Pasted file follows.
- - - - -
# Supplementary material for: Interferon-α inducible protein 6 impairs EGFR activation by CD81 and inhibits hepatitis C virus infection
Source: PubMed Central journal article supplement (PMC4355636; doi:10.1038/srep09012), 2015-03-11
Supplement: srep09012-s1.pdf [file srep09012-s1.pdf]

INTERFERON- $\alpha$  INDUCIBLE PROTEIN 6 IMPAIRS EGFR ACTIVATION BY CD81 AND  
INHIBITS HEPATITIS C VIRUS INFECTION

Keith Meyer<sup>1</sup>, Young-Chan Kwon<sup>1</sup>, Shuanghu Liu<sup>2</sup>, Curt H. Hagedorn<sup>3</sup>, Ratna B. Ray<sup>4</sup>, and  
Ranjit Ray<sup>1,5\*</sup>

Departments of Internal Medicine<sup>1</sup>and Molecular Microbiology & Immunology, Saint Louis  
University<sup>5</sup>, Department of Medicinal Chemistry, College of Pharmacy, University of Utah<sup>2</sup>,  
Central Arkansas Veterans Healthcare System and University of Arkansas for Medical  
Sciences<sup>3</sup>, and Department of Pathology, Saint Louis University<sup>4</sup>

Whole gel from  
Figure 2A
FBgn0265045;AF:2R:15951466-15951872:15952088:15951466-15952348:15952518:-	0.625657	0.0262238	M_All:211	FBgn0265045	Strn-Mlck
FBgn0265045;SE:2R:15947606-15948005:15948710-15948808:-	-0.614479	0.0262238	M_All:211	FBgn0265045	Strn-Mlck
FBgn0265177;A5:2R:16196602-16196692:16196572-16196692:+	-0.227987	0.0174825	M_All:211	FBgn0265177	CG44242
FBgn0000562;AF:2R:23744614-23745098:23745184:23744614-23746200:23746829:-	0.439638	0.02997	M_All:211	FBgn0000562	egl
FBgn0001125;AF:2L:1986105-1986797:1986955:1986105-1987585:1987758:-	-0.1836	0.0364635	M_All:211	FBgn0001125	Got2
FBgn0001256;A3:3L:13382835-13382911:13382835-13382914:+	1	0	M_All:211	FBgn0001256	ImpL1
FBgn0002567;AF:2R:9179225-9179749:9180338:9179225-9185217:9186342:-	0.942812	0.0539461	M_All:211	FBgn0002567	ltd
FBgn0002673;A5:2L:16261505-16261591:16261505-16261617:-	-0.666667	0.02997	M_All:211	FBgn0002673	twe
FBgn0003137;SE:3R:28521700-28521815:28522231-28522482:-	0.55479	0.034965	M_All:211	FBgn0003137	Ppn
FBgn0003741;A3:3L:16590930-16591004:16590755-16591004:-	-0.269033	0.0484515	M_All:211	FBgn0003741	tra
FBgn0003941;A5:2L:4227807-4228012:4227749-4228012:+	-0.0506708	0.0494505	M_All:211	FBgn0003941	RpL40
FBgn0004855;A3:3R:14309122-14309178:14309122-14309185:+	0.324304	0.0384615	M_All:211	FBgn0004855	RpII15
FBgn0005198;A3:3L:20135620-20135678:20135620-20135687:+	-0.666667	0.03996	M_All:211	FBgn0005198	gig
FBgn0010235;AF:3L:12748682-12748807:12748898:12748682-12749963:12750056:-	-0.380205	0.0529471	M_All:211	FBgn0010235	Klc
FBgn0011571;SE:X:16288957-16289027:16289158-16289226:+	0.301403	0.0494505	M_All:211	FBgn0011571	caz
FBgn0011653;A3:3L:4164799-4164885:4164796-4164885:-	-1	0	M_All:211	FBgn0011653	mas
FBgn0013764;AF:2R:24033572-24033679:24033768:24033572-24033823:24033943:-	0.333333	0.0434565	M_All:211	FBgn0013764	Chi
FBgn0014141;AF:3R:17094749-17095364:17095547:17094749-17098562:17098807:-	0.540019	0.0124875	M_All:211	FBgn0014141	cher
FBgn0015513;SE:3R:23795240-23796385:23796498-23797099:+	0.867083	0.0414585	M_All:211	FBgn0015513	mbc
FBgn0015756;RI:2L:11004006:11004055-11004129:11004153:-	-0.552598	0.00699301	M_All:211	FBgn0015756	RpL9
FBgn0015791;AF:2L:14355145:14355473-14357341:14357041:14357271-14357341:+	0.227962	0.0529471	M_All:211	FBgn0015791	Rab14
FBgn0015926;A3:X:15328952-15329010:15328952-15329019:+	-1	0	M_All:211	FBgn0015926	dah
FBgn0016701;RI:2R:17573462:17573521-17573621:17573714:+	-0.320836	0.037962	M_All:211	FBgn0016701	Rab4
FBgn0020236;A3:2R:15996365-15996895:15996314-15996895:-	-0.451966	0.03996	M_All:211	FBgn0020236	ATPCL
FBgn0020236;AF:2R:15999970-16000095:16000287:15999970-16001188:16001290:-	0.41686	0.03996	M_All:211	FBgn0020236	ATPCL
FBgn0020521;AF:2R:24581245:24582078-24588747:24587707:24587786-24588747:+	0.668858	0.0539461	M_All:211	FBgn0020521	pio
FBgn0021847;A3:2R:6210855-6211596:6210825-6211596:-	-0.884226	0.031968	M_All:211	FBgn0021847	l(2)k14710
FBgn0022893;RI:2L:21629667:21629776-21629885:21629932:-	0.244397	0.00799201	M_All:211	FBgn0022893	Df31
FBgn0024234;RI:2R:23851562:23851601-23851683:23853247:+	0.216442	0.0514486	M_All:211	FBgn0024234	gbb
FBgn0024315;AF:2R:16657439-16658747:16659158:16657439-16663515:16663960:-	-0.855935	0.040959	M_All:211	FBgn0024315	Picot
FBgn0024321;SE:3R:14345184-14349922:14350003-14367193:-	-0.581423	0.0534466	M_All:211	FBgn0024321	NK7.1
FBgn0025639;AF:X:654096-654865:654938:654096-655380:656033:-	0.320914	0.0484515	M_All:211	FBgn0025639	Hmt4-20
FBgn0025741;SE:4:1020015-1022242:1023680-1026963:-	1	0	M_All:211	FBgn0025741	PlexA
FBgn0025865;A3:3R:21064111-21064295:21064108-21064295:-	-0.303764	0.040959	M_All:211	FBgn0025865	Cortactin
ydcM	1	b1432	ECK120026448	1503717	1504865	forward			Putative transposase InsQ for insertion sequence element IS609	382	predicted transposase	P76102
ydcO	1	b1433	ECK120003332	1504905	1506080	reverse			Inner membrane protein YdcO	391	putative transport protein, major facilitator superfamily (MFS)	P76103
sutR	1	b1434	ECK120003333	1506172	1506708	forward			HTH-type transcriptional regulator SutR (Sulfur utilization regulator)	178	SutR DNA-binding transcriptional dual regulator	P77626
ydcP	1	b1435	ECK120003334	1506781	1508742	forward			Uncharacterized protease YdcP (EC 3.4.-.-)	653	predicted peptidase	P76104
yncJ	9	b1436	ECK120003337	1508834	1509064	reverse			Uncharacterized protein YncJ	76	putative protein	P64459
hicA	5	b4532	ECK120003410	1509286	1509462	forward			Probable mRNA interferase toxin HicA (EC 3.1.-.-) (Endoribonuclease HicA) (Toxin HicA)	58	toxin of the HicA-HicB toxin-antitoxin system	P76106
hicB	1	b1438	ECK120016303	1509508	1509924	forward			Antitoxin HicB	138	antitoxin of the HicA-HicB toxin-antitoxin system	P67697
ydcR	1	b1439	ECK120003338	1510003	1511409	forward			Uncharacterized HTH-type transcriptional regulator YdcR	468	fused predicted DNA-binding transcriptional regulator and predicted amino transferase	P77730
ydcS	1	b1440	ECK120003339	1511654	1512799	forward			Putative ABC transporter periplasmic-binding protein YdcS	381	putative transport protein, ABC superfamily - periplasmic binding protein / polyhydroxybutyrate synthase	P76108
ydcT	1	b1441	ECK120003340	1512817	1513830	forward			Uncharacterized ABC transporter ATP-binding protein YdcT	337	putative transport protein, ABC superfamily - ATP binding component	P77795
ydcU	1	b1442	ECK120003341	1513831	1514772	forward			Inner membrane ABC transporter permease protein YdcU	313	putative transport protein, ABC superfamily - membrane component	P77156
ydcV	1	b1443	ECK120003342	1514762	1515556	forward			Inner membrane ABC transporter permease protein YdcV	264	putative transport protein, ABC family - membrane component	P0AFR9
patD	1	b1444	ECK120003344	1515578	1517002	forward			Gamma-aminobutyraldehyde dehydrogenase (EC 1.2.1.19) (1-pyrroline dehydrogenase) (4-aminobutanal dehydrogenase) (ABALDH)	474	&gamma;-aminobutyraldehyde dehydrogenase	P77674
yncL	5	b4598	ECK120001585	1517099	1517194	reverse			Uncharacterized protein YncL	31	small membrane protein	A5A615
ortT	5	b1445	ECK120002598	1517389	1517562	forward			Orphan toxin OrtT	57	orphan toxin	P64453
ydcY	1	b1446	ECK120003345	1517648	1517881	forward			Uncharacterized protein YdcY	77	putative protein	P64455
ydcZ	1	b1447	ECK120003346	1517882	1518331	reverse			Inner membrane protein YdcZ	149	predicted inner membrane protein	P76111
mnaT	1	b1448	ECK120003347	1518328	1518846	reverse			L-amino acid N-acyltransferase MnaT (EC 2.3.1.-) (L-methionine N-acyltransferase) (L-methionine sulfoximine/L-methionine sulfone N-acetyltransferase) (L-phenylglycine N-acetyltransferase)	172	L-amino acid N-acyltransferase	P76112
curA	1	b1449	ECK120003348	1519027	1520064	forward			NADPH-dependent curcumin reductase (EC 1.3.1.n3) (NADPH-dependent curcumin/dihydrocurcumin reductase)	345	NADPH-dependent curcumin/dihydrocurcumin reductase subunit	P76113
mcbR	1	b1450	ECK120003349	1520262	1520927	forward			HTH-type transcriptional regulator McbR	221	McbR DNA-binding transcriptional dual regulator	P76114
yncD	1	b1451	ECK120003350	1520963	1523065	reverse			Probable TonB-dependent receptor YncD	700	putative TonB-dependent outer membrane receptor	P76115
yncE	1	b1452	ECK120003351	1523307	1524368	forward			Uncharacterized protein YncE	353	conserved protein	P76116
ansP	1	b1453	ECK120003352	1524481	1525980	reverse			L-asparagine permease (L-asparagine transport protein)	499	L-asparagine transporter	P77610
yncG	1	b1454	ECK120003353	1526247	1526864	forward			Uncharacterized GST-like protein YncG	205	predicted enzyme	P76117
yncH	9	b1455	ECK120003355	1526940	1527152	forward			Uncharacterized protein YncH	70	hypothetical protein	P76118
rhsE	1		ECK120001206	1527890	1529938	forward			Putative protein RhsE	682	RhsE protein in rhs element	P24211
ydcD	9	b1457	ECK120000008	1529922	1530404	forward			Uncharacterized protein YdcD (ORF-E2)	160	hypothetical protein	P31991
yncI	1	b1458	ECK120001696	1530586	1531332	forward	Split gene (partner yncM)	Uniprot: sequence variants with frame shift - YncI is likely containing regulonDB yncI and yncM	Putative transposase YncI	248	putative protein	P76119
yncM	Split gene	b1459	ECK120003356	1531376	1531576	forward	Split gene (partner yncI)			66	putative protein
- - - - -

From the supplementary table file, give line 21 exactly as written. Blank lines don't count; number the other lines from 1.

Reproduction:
FBgn0002673;A5:2L:16261505-16261591:16261505-16261617:-	-0.666667	0.02997	M_All:211	FBgn0002673	twe